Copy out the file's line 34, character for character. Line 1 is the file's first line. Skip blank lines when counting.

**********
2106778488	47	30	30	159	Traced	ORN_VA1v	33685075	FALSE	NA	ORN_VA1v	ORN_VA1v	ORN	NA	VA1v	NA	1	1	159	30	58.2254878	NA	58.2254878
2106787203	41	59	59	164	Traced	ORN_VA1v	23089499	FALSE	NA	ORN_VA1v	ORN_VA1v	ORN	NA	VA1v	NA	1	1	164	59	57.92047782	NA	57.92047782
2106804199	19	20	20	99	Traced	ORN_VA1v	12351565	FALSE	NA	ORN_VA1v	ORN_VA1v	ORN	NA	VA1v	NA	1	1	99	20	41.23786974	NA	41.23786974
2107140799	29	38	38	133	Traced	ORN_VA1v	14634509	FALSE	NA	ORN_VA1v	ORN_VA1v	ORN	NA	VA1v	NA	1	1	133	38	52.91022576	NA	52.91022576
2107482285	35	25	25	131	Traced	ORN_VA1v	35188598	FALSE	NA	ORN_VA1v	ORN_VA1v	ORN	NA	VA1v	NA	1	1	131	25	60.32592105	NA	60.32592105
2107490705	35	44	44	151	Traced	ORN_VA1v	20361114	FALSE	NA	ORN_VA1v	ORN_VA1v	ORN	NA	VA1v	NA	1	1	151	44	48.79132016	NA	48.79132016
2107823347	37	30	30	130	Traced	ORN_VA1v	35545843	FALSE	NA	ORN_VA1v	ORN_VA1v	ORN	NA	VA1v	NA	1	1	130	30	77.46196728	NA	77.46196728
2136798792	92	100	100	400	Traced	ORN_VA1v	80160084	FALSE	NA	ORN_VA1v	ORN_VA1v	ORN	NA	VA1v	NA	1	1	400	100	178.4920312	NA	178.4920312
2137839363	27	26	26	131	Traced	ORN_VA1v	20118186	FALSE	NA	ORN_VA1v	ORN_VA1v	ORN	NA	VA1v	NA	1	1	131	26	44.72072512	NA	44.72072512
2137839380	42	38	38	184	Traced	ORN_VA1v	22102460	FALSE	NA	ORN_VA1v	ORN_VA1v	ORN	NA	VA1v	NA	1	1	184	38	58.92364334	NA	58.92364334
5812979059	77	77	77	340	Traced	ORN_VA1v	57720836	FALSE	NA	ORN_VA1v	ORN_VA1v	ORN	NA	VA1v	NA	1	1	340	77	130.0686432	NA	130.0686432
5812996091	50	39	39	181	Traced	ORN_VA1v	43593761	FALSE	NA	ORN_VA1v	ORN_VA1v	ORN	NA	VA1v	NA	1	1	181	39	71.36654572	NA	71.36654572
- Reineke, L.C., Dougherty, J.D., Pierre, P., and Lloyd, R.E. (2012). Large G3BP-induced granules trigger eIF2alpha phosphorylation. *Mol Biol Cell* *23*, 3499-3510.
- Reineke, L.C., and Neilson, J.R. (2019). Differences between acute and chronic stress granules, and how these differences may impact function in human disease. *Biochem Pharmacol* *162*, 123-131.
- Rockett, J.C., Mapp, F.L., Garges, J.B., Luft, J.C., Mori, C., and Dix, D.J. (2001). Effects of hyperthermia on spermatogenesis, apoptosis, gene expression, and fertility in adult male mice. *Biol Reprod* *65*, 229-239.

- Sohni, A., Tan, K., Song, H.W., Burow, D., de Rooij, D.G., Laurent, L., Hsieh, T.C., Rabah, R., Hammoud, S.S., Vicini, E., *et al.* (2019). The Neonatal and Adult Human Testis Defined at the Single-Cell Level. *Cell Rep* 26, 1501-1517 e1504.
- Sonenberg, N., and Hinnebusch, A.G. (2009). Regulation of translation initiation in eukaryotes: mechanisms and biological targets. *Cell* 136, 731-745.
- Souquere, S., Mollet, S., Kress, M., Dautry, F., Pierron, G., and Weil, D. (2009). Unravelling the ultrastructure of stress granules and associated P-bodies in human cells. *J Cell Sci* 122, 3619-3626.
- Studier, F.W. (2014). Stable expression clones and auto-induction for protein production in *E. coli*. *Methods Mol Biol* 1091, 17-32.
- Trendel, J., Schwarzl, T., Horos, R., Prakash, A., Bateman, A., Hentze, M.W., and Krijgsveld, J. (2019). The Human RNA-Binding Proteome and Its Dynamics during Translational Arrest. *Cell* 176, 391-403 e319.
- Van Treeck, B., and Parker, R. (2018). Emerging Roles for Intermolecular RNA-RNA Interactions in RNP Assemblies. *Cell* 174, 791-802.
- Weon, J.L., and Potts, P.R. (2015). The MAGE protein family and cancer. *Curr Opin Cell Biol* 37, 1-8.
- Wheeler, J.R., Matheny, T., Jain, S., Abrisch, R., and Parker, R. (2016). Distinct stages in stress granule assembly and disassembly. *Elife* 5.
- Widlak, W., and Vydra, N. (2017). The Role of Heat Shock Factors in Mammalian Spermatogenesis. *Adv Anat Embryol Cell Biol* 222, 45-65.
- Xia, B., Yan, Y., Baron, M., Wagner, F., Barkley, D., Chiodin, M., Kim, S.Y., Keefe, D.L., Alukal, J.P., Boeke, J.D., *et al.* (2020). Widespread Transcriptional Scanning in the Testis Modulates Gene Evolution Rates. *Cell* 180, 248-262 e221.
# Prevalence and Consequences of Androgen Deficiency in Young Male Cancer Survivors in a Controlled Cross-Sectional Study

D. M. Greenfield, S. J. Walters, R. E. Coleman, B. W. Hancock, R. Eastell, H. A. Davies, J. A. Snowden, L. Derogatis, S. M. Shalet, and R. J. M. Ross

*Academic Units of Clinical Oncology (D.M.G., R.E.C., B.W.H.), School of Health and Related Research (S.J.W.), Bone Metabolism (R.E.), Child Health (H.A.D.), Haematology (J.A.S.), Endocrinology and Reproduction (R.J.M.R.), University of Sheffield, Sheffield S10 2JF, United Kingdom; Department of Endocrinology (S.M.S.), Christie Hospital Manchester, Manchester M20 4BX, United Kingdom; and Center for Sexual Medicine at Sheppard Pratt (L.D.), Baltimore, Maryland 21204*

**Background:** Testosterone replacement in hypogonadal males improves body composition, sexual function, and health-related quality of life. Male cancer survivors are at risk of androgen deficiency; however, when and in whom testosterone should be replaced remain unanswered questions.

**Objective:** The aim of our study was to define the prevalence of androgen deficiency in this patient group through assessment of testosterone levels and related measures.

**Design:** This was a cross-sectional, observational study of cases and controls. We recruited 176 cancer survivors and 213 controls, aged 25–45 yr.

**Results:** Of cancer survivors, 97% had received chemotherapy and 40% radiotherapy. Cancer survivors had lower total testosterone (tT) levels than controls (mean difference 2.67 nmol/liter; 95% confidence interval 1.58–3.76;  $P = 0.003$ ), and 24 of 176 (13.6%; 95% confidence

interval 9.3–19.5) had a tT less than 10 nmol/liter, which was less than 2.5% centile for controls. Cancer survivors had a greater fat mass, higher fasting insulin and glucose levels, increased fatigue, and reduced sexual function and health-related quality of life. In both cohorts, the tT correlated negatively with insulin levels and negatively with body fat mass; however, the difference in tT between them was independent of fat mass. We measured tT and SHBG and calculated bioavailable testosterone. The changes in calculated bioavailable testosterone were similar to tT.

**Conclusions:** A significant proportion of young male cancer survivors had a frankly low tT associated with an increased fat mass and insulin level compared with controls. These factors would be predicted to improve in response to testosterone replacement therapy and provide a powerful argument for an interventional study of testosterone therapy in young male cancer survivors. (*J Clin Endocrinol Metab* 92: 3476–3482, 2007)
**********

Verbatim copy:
**Conclusions:** A significant proportion of young male cancer survivors had a frankly low tT associated with an increased fat mass and insulin level compared with controls. These factors would be predicted to improve in response to testosterone replacement therapy and provide a powerful argument for an interventional study of testosterone therapy in young male cancer survivors. (*J Clin Endocrinol Metab* 92: 3476–3482, 2007)